JEDDAH Researchers at King Abdullah University of Science and Technology (KAUST), in partnership with Aramco, have demonstrated a technology that performs multiple upgrading steps at once, resulting in the stable conversion of crude oil to light olefins in a single-reactor system.
Light olefins such as ethylene and propylene are some of the important building blocks for the plastic, construction and textile industries.
Initial findings from the collaborative research on the 1-Step C2C technology have just been published in Nature Catalysis. The researchers demonstrated that the direct transformation of crude to chemicals in a one-step process is possible.
KAUST and Aramco will continue to advance the development of this technology as a potentially competitive alternative to conventional refining practices.
"Crude-To-Chemicals technologies may offer the potential to facilitate a paradigm shift in the way oil is utilized," said KAUST Vice President for Research Donal Bradley.
"Such technologies may offer an incentive to maximize production of materials used in daily life, over the production of fuels, with very important economic and sustainability benefits.
Oil has been a major source of the worlds fuel for decades, but changing trends and the emergence of alternative energy sources means that chemicals represent one of the biggest prospects for oil in the future.
Aramco is already pursuing growth opportunities in petrochemicals and the combination of new multifunctional catalysts and new reactor concepts may offer the potential to reduce cost of production.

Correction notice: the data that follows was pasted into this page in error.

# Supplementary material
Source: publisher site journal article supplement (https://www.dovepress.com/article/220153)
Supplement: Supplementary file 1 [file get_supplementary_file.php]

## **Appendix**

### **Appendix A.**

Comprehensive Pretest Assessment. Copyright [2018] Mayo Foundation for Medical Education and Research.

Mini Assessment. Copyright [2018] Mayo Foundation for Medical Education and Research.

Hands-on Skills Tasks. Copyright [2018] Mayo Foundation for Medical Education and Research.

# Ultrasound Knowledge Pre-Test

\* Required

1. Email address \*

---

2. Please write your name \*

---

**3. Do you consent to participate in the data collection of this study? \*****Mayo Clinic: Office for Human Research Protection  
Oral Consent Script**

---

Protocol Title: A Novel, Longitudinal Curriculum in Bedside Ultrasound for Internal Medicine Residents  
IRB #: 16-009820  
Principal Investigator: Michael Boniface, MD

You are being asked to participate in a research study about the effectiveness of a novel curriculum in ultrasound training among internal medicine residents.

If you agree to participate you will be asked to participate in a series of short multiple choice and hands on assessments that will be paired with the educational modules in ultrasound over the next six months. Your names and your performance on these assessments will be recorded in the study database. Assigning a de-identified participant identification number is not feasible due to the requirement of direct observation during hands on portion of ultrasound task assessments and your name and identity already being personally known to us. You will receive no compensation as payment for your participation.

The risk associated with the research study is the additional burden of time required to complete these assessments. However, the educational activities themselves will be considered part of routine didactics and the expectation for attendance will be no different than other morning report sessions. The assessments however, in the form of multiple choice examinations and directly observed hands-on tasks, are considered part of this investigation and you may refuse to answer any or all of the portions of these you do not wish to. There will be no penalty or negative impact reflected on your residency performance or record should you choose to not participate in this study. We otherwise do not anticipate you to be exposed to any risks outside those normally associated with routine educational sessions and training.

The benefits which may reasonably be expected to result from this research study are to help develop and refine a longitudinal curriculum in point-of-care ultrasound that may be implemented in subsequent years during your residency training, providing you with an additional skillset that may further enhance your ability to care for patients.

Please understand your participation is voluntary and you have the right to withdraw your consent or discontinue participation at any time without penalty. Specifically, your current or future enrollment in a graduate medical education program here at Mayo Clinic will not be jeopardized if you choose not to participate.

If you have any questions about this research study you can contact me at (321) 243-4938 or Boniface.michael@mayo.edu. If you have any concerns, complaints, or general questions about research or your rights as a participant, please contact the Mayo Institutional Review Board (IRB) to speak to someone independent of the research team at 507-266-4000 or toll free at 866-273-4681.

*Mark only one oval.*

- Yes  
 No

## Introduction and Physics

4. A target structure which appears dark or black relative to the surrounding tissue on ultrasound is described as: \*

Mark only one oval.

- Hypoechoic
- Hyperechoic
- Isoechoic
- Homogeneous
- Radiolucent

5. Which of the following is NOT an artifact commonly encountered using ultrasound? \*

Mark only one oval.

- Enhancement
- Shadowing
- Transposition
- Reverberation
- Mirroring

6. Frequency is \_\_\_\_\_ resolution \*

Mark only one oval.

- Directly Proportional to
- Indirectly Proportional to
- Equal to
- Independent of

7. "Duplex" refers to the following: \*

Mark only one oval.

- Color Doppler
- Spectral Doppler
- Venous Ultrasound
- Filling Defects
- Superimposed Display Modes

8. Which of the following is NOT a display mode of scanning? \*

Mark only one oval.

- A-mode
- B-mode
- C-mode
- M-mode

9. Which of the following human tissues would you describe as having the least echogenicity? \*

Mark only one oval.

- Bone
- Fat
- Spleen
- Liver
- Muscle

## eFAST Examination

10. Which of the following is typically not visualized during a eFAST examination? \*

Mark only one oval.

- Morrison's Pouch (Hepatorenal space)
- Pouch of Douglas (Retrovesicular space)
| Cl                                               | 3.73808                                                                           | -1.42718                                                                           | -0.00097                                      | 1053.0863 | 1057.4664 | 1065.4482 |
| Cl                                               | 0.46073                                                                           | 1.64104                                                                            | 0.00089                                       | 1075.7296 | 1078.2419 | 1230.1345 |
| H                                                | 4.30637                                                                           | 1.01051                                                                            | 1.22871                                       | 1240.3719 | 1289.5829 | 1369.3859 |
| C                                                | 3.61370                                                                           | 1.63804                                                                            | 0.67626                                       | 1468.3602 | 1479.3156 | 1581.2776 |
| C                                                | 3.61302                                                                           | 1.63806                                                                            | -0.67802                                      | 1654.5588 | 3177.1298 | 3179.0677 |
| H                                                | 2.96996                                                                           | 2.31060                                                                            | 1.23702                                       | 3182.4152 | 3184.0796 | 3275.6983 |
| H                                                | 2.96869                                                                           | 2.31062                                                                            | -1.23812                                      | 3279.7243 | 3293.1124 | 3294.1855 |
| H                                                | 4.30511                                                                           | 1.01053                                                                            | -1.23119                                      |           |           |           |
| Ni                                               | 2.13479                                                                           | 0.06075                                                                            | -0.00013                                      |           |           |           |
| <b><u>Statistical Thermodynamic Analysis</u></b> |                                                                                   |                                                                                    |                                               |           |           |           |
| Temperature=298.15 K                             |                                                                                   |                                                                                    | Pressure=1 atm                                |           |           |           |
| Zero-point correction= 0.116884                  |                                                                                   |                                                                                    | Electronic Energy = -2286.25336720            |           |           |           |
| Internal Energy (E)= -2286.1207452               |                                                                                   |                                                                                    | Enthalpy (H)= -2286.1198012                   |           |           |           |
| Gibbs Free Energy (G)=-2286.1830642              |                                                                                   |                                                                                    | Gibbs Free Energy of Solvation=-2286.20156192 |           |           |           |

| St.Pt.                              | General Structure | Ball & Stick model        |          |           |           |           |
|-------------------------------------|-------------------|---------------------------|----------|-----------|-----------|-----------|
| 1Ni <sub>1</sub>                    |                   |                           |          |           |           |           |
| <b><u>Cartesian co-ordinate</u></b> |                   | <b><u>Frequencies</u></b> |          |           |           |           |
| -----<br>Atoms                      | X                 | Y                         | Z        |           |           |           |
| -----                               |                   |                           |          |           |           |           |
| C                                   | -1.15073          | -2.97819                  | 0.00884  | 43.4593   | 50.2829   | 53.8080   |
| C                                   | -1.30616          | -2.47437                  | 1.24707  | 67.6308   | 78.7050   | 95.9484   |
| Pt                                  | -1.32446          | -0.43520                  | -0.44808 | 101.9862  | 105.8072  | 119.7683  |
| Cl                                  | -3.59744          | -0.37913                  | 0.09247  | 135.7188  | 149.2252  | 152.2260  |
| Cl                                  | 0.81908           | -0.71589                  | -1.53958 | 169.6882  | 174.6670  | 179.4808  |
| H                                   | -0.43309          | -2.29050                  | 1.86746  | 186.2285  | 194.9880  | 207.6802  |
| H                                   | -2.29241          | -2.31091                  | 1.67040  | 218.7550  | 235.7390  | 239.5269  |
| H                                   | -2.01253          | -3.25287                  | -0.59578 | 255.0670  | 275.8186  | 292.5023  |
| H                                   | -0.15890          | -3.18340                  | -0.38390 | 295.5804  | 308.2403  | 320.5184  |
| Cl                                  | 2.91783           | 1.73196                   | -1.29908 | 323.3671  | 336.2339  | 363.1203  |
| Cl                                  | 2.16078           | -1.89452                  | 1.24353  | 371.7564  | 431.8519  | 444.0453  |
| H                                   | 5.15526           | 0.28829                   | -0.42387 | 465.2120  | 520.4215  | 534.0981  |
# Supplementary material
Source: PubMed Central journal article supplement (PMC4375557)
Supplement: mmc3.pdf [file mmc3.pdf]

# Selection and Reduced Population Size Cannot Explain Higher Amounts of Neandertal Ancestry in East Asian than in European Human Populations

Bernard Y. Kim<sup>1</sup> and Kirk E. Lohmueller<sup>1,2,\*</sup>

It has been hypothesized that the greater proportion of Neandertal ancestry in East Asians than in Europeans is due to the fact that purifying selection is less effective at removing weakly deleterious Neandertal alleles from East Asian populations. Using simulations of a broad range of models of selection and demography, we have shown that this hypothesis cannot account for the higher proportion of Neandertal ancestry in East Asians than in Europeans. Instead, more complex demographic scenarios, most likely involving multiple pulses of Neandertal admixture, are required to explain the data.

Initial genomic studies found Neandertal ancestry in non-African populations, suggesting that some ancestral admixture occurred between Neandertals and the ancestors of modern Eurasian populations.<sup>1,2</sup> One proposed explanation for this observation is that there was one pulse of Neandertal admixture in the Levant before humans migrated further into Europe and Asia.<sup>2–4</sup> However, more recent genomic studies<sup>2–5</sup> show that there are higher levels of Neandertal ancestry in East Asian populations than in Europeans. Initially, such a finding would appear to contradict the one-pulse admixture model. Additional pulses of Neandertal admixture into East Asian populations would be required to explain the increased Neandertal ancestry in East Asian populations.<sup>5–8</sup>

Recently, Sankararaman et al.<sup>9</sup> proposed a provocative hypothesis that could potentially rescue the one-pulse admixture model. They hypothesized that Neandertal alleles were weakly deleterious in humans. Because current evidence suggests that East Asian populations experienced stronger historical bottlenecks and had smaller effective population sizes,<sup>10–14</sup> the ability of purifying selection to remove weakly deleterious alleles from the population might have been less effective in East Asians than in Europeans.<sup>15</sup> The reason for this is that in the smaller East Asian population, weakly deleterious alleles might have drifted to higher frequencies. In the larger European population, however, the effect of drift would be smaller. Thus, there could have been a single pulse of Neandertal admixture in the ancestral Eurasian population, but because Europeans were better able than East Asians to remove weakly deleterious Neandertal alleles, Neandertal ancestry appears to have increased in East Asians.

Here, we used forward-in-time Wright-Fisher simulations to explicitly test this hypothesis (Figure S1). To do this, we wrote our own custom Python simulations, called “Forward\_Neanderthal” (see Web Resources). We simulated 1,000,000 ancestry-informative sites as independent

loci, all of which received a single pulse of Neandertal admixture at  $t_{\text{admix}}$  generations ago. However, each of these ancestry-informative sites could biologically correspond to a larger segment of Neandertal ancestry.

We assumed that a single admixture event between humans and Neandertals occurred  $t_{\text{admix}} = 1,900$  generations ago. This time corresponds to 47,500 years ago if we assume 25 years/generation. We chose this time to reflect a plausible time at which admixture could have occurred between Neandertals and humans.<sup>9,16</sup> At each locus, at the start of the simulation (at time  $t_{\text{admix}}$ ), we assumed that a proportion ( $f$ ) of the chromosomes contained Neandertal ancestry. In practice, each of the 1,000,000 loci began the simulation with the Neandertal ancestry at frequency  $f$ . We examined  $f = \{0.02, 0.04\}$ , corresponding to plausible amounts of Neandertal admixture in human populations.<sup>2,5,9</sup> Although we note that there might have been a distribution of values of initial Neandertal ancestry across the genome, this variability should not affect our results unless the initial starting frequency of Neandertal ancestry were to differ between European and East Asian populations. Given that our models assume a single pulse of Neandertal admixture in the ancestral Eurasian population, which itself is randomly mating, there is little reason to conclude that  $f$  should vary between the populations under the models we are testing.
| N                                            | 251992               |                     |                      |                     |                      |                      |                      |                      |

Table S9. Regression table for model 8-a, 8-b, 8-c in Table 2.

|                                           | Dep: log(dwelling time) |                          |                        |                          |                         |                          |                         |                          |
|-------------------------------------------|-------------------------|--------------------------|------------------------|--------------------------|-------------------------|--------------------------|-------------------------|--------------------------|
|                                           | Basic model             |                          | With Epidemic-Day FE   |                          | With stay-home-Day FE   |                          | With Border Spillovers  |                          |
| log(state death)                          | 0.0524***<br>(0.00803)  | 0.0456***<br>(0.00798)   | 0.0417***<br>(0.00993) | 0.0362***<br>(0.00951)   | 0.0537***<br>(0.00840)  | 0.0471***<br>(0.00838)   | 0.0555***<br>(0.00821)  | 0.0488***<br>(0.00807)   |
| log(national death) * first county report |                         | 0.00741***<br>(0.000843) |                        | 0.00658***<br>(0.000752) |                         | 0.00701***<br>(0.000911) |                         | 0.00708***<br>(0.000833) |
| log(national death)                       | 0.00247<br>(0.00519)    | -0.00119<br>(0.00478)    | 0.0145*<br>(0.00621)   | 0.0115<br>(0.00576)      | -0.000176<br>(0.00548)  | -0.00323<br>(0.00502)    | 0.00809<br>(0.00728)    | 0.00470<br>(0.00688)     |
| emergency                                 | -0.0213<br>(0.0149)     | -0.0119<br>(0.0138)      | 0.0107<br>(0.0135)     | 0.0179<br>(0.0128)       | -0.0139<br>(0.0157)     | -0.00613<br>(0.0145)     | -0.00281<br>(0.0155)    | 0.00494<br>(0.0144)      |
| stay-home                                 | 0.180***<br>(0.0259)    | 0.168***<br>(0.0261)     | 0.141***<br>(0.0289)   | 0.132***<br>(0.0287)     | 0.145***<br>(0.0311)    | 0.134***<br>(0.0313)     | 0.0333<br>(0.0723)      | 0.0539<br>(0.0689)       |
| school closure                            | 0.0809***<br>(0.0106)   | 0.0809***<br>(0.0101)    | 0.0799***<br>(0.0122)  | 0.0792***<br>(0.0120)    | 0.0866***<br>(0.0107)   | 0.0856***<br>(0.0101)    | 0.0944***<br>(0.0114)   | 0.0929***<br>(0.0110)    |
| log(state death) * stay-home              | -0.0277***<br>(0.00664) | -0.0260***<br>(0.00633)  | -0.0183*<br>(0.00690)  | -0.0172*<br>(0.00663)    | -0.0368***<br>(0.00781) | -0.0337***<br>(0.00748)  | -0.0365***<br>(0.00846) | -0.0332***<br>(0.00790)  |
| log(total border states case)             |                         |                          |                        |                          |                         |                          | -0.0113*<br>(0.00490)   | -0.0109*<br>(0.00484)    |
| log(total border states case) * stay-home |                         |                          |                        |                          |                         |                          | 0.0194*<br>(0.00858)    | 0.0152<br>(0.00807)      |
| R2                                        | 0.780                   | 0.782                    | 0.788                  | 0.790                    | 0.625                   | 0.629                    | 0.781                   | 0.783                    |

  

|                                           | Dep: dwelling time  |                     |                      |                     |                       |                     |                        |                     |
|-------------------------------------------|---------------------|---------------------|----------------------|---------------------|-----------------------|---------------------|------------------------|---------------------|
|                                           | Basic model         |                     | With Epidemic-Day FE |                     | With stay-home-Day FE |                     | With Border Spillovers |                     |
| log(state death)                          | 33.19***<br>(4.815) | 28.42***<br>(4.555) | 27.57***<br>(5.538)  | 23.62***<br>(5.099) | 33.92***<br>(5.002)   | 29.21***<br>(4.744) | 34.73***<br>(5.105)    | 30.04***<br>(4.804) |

This breakthrough catalyst and reactor innovation to convert crude oil to chemicals in a single step is the initial outcome of our long-term research collaboration with leading researchers at KAUST, where the focus has been to fundamentally reimagine crude oil conversion chemistry, said Ahmad O. Al Khowaiter, Aramco chief technology officer.
This collaborative research complements other competitive Crude-to-Chemicals technology approaches the company is pursuing to enable us to not only increase the quantity of high-value chemicals we produce, but at the same time reduce the carbon footprint associated with the use of our oil.
C2C has been identified in Saudi Arabias Vision 2030 as a strategic pillar of the National Industrial Development and Logistics Program, with the potential to create jobs in the chemicals sector and support the themes of a vibrant society, a thriving economy and an ambitious nation.
"Altogether, our results demonstrate that the search for alternative reactor-engineering concepts, when accompanied by complementary multifunctional catalyst development, are worth exploring for process intensification," said KAUST Professor of Chemical Engineering and Director of the KAUST Catalysis Center, Jorge Gascon.
"This new process has the potential to reduce the need for distillation and steam cracking units."
The research has shown that technology can modernize to meet todays needs, while recognizing that more can be done for the future. Ongoing optimization of catalyst formulation and process demonstrates that improvement in terms of performance and application is still possible. SG
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